All application materials must be received by January 21st 2022 at 11:59 p.m. EST. Applications will not be considered unless all application materials are received by this deadline. Selected applicants will be invited for an interview with training faculty. Interviews are scheduled for the month of February 2022. Selected applicants will be offered position by March 8th 2022. Practicum begins July 1, 2022.

How to Apply

Please direct all questions and if applying, all application materials to Allie King at aak344@drexel.edu

Training Faculty/Staff

Guy Diamond, PhD
Director of Center for Family Intervention Science (CFIS)
Associate Professor, Counseling and Family Therapy
Email: gd342@drexel.edu
Phone: 215.571.3420
Website: Faculty Profile | ABFT Training Program

Diamond's research focuses on suicide prevention and intervention. He has developed, tested and disseminated Attachment-Based Family Therapy (ABFT) for depressed and suicidal youth and is the lead developer of the Behavioral Health Screening tool, a comprehensive yet brief, web based tool for early identification of youth struggling with suicide and other behavioral health problems.

Allie King, PhD, AMFT
CFIS Practicum Director
Email: aak344@drexel.edu
Phone: 520.200.8470

Allie King, PhD, is the Director of the ABFT Practicum Program. Dr. King is a certified ABFT therapist, supervisor and trainer. Dr. King received her PhD in Marriage and Family Therapy from Virginia Tech. Her research interests focus on adolescent eating disorders, person-of-the-therapist training, training of marriage and family therapists, and adaptations of attachment-based family therapy. She is an American Association for Marriage and Family Therapy (AAMFT) supervisor candidate.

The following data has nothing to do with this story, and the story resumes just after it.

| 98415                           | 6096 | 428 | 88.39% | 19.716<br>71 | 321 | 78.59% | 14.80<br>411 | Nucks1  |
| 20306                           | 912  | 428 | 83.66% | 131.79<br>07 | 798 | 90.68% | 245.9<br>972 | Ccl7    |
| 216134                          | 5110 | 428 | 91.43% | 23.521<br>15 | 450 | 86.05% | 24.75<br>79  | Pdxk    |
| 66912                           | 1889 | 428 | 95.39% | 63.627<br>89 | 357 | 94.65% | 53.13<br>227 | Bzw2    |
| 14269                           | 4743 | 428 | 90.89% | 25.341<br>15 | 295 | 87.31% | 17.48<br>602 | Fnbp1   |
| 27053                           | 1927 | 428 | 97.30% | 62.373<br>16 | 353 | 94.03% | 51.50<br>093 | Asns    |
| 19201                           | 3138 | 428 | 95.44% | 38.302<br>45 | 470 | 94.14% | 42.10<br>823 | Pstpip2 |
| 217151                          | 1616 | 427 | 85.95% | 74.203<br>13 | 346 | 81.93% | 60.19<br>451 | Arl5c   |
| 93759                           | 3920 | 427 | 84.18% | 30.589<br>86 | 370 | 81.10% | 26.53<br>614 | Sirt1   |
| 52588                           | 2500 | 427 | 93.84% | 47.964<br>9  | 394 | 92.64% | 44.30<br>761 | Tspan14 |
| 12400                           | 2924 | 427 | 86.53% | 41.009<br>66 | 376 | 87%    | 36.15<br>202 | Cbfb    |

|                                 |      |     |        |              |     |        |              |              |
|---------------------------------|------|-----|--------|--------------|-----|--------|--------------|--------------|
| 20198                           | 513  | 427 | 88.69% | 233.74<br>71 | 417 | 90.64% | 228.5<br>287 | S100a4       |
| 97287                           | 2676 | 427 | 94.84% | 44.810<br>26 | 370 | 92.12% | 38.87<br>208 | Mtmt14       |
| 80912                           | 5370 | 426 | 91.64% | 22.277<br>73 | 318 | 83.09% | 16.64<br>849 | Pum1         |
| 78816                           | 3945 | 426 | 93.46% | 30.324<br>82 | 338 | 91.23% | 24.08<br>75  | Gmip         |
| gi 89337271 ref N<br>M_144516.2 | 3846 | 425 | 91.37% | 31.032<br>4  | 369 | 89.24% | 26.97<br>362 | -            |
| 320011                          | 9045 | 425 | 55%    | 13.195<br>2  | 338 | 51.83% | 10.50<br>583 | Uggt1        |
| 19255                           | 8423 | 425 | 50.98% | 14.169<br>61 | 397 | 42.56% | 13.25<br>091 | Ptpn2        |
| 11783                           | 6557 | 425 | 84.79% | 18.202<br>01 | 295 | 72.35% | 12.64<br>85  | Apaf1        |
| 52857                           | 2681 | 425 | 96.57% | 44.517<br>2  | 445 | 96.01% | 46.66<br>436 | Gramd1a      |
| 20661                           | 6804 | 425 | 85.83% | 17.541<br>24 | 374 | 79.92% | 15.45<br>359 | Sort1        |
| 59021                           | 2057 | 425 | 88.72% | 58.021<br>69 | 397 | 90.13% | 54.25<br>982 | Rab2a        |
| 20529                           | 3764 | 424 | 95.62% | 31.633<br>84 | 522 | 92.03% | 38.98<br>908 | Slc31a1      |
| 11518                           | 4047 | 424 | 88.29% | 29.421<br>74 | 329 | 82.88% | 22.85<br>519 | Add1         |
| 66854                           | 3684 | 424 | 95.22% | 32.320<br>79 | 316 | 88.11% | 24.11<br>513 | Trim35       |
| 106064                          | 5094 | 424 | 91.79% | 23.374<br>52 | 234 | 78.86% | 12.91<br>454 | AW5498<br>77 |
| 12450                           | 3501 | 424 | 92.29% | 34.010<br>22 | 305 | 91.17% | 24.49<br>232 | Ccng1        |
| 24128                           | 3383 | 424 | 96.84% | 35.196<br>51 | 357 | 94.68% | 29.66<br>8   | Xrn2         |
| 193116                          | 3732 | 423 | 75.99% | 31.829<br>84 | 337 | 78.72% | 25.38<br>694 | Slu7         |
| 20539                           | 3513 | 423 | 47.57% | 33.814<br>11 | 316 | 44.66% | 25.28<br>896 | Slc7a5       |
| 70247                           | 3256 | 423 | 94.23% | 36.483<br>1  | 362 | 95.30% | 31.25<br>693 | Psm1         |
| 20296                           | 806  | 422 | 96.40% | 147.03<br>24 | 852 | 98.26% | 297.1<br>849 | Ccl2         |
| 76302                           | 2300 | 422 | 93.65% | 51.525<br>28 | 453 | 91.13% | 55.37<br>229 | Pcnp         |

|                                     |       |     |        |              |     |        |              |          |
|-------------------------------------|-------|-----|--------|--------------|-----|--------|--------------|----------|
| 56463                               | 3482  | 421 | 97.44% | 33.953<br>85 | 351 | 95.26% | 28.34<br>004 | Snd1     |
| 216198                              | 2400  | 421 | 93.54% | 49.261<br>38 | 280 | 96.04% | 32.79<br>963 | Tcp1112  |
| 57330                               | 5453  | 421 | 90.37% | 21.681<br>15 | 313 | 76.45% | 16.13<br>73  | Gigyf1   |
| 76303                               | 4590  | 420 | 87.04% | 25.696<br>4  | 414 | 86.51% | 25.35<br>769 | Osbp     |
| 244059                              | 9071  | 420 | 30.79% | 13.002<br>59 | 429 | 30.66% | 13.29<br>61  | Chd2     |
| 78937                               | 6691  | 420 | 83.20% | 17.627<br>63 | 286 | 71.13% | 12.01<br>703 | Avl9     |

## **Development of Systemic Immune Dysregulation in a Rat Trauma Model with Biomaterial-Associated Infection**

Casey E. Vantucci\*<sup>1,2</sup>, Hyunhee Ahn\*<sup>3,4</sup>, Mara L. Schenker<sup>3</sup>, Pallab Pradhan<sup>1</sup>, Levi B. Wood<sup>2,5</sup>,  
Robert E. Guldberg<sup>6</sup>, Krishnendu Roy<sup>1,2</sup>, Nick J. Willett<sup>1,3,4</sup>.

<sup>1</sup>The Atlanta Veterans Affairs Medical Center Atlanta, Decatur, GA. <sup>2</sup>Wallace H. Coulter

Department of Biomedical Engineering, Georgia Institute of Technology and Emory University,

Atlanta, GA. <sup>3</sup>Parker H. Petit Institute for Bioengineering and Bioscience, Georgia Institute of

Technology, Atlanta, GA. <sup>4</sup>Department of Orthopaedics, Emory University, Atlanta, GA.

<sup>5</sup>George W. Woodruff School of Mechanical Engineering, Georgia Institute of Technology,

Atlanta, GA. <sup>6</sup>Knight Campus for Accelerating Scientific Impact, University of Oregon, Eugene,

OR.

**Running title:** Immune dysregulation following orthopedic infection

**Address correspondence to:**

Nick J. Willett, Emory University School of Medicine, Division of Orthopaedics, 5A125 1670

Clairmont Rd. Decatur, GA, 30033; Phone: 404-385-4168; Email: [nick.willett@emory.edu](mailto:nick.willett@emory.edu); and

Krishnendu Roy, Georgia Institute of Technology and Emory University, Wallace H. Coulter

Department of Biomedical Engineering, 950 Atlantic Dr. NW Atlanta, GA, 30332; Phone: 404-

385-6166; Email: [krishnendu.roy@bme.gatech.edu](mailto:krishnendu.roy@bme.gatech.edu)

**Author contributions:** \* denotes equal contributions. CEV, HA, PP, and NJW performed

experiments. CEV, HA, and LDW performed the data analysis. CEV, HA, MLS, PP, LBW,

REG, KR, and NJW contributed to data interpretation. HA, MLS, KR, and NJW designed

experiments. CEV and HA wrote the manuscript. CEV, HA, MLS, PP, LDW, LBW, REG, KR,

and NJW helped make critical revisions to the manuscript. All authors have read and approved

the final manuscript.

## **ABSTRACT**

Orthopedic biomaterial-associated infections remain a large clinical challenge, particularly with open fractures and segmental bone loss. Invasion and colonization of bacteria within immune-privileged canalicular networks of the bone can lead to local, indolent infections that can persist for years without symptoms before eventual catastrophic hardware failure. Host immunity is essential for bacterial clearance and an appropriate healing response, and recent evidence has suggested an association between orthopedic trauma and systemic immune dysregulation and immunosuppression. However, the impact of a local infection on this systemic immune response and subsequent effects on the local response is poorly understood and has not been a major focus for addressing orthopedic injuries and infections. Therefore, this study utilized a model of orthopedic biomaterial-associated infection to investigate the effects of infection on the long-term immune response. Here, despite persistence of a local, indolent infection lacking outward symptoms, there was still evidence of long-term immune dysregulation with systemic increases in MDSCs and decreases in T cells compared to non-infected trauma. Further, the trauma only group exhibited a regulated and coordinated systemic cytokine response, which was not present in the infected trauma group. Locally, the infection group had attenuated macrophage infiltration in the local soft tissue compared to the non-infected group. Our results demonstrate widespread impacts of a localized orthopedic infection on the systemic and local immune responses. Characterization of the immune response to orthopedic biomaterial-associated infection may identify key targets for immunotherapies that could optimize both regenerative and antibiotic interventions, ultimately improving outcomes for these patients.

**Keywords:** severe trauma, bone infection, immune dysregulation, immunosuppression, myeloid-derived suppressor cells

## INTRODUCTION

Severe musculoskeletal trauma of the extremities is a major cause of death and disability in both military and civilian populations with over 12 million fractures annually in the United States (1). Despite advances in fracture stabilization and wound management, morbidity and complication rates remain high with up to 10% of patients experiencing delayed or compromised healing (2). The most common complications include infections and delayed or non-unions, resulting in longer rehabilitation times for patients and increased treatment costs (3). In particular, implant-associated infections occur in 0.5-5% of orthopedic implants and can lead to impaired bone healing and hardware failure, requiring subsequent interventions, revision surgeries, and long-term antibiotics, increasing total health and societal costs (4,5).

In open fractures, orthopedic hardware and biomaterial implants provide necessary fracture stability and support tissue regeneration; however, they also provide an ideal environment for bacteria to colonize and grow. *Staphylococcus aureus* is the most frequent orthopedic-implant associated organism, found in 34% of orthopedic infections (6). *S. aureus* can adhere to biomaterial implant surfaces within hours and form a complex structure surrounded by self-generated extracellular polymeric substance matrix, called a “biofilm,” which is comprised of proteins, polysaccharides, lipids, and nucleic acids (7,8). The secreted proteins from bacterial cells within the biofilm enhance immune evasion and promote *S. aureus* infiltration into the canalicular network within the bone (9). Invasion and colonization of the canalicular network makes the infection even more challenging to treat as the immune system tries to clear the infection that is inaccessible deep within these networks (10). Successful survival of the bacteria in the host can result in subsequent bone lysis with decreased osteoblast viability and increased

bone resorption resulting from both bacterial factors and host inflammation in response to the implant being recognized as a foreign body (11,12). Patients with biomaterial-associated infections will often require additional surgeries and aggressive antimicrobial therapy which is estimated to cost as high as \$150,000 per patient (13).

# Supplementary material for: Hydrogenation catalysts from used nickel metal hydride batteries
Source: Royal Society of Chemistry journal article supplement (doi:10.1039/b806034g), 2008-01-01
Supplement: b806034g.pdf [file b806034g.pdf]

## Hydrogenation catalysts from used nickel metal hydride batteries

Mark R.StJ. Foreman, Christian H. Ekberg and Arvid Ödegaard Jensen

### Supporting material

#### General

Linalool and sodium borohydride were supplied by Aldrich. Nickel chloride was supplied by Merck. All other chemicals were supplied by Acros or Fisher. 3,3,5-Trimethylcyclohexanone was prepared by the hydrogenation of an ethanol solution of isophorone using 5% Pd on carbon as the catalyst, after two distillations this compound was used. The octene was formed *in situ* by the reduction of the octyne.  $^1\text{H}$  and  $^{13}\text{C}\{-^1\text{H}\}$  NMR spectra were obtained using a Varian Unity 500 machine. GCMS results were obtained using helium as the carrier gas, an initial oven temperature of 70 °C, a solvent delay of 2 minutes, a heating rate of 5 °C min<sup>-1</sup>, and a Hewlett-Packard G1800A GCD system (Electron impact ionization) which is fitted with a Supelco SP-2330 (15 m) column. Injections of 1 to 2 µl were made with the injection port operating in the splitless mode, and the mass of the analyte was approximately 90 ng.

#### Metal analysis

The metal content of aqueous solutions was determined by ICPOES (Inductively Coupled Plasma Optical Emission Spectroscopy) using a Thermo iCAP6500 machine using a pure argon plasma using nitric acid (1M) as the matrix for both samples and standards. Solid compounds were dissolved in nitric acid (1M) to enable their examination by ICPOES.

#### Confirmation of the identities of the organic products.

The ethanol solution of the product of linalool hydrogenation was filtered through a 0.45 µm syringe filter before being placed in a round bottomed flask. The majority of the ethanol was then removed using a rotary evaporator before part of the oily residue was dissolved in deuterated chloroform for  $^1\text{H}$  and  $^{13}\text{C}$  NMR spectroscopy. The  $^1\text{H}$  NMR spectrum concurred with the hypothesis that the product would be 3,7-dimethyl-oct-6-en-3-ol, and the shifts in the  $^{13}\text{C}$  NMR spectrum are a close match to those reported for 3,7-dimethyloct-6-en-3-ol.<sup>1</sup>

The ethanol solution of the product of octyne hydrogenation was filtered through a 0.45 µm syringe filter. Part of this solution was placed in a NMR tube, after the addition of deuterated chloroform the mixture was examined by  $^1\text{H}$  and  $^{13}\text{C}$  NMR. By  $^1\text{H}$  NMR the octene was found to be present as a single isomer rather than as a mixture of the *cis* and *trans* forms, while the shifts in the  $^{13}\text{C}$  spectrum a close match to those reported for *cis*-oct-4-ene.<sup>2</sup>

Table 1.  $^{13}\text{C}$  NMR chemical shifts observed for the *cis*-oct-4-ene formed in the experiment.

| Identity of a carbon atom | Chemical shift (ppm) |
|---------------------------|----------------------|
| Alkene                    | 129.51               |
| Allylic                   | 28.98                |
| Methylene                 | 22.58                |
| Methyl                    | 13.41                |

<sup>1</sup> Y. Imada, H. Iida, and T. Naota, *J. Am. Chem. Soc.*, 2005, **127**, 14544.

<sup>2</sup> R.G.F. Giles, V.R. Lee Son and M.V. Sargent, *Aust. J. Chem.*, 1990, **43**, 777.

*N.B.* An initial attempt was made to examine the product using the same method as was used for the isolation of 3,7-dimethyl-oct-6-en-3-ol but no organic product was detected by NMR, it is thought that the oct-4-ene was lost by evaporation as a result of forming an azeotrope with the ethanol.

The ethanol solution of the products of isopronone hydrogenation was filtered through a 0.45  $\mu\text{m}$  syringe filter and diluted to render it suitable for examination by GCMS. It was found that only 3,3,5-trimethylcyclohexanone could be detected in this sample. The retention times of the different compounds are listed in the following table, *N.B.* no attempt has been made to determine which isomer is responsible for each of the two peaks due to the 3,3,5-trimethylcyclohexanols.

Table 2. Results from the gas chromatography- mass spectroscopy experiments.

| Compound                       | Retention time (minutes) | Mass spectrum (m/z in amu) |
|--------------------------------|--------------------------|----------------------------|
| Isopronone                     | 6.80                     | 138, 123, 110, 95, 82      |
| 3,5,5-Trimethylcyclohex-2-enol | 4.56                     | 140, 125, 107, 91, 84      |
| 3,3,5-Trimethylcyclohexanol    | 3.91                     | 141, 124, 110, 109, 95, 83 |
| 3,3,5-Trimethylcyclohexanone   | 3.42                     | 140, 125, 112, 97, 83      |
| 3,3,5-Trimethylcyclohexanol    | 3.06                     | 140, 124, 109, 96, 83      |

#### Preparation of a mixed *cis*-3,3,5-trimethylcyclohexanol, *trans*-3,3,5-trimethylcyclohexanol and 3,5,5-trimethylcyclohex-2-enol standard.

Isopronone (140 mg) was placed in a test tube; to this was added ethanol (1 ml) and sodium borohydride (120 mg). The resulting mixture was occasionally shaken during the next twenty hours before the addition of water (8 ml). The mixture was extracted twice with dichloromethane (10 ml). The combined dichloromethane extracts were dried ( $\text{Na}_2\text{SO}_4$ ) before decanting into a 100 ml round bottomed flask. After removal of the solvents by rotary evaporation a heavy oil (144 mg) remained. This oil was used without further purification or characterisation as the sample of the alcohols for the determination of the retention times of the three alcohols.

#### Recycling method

Therapy Model

ABFT is the only manualized, empirically supported family therapy model specifically designed to target family and individual processes associated with adolescent suicide and depression. ABFT emerges from interpersonal theories that suggest adolescent mental health challenges can be precipitated, exacerbated or buffered against by the quality of interpersonal relationships in families. It is a trust-based, emotion-focused psychotherapy model that aims to repair interpersonal ruptures and rebuild an emotionally protective, secure-based parent–child relationship.